posted by alady at 7:16 AM on November 11, 2012


They continue to hope and pray for this change. I am not from the Iyer/Iyengar community. In fact, my community is 'lower down in the ladder (by many rungs)' from my prospective fiance's. This according to them is more reason to stay in your own community - where you will be respected.

Then let me be even more blunt. They are concerned that you will not be accepted by his family and/or that you are marrying above your caste. Again, let us remember Gandhi here for a moment no?

I am not even South Indian nor a Brahmin... but because of my age/qualifications/work experience/"imported" upbringing and the paucity of single men in the age group, the short list was mixed.

His family never let me forget I was a bania.

What for you want all this?

But we've been together in the same place for ~5 years before that - some of that as really close friends and then in a relationship.


And how long will you wait for the miracle?

But I really do 'think and feel' in English and don't have sufficient vocabulary in my native tongue (Tamil).

See, this is why it won't work with the arranged. I will give you another argument to try with them for one last time in the next comment
posted by infini at 7:28 AM on November 11, 2012 [1 favorite]


You grew up as a global nomad. Your perspective, worldview and attitudes have been shaped from childhood through your experiences abroad, through international schools and through travel and exposure.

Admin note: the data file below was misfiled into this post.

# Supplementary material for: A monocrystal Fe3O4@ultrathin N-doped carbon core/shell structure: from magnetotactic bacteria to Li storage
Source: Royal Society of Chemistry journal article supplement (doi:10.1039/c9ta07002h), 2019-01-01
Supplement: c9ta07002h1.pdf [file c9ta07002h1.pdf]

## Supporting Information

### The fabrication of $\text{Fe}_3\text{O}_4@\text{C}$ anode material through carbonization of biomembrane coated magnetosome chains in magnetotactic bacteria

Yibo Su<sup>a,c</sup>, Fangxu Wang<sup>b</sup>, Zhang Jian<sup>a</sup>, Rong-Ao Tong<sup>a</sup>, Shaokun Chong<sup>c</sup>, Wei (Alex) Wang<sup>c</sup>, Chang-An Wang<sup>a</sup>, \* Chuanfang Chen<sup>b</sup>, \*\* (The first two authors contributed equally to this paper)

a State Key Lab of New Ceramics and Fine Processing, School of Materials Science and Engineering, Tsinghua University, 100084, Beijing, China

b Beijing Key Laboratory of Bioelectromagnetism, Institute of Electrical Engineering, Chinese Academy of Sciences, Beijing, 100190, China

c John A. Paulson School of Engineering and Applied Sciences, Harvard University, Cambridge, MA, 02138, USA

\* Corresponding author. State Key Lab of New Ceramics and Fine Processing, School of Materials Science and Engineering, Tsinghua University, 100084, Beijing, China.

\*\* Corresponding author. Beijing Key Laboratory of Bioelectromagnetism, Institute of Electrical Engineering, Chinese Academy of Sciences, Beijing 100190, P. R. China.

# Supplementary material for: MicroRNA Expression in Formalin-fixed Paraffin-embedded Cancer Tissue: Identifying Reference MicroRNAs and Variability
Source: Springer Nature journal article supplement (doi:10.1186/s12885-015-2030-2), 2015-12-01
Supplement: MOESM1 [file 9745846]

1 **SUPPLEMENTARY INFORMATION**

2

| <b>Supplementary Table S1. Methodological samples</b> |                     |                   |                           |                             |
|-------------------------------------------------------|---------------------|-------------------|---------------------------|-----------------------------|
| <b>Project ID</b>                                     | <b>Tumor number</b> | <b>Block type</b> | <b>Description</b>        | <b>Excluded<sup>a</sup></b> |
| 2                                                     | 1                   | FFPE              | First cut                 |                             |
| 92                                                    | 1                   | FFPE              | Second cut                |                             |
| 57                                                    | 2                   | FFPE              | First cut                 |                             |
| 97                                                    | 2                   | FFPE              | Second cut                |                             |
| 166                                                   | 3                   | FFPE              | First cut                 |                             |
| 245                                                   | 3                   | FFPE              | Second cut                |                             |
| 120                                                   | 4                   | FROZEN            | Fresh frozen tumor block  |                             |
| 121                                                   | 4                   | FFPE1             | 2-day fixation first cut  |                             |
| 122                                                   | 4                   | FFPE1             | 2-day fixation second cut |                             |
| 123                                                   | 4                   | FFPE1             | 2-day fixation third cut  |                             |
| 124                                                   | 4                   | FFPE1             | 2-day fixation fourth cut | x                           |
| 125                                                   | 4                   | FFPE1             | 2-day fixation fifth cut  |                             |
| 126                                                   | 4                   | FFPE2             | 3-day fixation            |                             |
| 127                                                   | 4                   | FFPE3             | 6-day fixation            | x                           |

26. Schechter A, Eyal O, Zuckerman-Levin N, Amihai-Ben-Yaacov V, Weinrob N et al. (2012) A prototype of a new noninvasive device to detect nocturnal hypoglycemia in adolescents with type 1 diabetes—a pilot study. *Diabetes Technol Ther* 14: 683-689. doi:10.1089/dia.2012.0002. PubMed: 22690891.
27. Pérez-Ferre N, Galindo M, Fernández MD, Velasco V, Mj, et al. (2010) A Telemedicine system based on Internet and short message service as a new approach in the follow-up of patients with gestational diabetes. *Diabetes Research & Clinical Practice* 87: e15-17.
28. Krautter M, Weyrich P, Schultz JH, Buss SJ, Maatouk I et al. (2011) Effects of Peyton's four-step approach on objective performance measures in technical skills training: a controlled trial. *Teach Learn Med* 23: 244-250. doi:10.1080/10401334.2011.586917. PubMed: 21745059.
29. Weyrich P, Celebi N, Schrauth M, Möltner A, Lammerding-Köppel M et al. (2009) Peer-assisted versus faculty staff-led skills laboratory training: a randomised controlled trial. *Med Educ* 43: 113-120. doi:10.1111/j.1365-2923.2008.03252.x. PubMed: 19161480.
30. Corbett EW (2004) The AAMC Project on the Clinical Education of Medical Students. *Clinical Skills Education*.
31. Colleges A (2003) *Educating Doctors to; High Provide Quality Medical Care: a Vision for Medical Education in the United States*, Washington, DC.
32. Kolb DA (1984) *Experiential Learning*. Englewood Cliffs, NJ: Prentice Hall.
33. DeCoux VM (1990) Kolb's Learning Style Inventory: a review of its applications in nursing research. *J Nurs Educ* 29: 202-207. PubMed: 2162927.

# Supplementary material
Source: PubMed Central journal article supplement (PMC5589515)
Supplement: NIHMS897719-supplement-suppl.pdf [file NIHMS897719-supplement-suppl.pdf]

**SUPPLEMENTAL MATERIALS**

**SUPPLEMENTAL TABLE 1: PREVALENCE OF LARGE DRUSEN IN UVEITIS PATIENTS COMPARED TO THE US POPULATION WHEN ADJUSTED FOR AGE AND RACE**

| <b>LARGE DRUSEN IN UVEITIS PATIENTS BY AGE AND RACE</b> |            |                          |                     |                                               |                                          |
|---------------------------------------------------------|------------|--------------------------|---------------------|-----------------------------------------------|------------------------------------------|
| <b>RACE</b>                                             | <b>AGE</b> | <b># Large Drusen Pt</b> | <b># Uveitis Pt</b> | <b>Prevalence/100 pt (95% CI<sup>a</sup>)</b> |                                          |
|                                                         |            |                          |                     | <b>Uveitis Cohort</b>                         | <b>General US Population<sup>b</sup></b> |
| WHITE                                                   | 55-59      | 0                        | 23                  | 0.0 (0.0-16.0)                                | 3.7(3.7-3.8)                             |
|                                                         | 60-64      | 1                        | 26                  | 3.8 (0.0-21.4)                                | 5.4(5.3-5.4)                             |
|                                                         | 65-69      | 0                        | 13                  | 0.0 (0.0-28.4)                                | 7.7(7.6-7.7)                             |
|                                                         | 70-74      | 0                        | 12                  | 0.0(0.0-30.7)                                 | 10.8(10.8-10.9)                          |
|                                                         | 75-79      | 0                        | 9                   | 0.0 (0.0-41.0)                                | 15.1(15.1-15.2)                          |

Your parent's Ideal Package would have grown up in India.

They may not realize this but already you have become ineligible to fit in with the man's worldview or perspective. He may even have issues about you, your competence, your English, your education and your travel.

Believe me, been there done that. And this gap in upbringing/exposure is vaster than you may imagine. Better you marry someone who knows you for past 5 some years than some stranger who may not ever be able to cross the chasm.

Why is this a big deal?

Because there's a great likelihood of resentment in the man against your perceived advantages and/or "superiority". Even if he's settled abroad, he doesn't think in English.

Talk to your mom about this aspect. Let her try to talk to your father. Don't go direct to email or your dad. His face is involved.
posted by infini at 7:34 AM on November 11, 2012 [2 favorites]


Interesting, I am also a non-Brahmin Tamil girl (well from my mom's side at least).

I have to second infini above. These "doctor-lawyer packages" your parents are talking about are simply not going to work out. As you say you think in English, not Tamil. I don't think any of us completely realizes what happens when we leave our home and go live in another country for so long. Once you've tasted independent living it's pretty much impossible to go back and become a traditional wife to some doctor/lawyer. Whether your parents like it or not that boat has sailed and you are not going to be a good fit for each other. Honestly I'm a bit surprised that your parents are putting up so much of a fuss. In my engineering college class from Chennai, filled with lots of girls from traditional families, many of them married their classmates or had "love marriages" of one sort or the other either immediately after college or after living in the US or Europe for graduate school. Your parents should think themselves fortunate that the problem of getting you "married off" has been solved so neatly for them.